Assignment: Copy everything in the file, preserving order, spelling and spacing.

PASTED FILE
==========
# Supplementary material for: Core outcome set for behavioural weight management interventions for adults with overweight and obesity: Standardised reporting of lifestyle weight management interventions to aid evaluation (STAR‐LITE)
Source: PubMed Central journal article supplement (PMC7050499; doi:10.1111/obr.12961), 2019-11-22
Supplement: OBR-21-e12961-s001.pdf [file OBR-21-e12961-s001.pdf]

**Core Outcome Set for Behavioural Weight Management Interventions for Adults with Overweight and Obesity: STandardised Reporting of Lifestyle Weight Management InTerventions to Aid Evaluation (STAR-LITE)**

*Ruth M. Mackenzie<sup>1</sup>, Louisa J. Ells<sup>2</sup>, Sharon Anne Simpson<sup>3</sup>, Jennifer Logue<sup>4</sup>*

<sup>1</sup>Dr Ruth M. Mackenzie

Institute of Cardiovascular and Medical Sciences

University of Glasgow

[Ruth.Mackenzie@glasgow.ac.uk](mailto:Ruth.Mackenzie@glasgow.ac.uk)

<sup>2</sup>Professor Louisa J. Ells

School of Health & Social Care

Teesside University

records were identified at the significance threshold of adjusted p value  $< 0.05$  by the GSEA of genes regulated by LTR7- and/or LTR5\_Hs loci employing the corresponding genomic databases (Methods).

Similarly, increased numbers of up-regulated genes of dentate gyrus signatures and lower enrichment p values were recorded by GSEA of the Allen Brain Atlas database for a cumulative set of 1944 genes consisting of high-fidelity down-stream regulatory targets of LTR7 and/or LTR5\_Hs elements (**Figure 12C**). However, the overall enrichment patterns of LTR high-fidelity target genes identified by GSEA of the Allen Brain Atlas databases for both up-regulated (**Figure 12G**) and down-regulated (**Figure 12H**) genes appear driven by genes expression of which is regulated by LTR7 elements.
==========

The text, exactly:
# Supplementary material for: Core outcome set for behavioural weight management interventions for adults with overweight and obesity: Standardised reporting of lifestyle weight management interventions to aid evaluation (STAR‐LITE)
Source: PubMed Central journal article supplement (PMC7050499; doi:10.1111/obr.12961), 2019-11-22
Supplement: OBR-21-e12961-s001.pdf [file OBR-21-e12961-s001.pdf]

**Core Outcome Set for Behavioural Weight Management Interventions for Adults with Overweight and Obesity: STandardised Reporting of Lifestyle Weight Management InTerventions to Aid Evaluation (STAR-LITE)**

*Ruth M. Mackenzie<sup>1</sup>, Louisa J. Ells<sup>2</sup>, Sharon Anne Simpson<sup>3</sup>, Jennifer Logue<sup>4</sup>*

<sup>1</sup>Dr Ruth M. Mackenzie

Institute of Cardiovascular and Medical Sciences

University of Glasgow

[Ruth.Mackenzie@glasgow.ac.uk](mailto:Ruth.Mackenzie@glasgow.ac.uk)

<sup>2</sup>Professor Louisa J. Ells

School of Health & Social Care

Teesside University

records were identified at the significance threshold of adjusted p value  $< 0.05$  by the GSEA of genes regulated by LTR7- and/or LTR5\_Hs loci employing the corresponding genomic databases (Methods).

Similarly, increased numbers of up-regulated genes of dentate gyrus signatures and lower enrichment p values were recorded by GSEA of the Allen Brain Atlas database for a cumulative set of 1944 genes consisting of high-fidelity down-stream regulatory targets of LTR7 and/or LTR5\_Hs elements (**Figure 12C**). However, the overall enrichment patterns of LTR high-fidelity target genes identified by GSEA of the Allen Brain Atlas databases for both up-regulated (**Figure 12G**) and down-regulated (**Figure 12H**) genes appear driven by genes expression of which is regulated by LTR7 elements.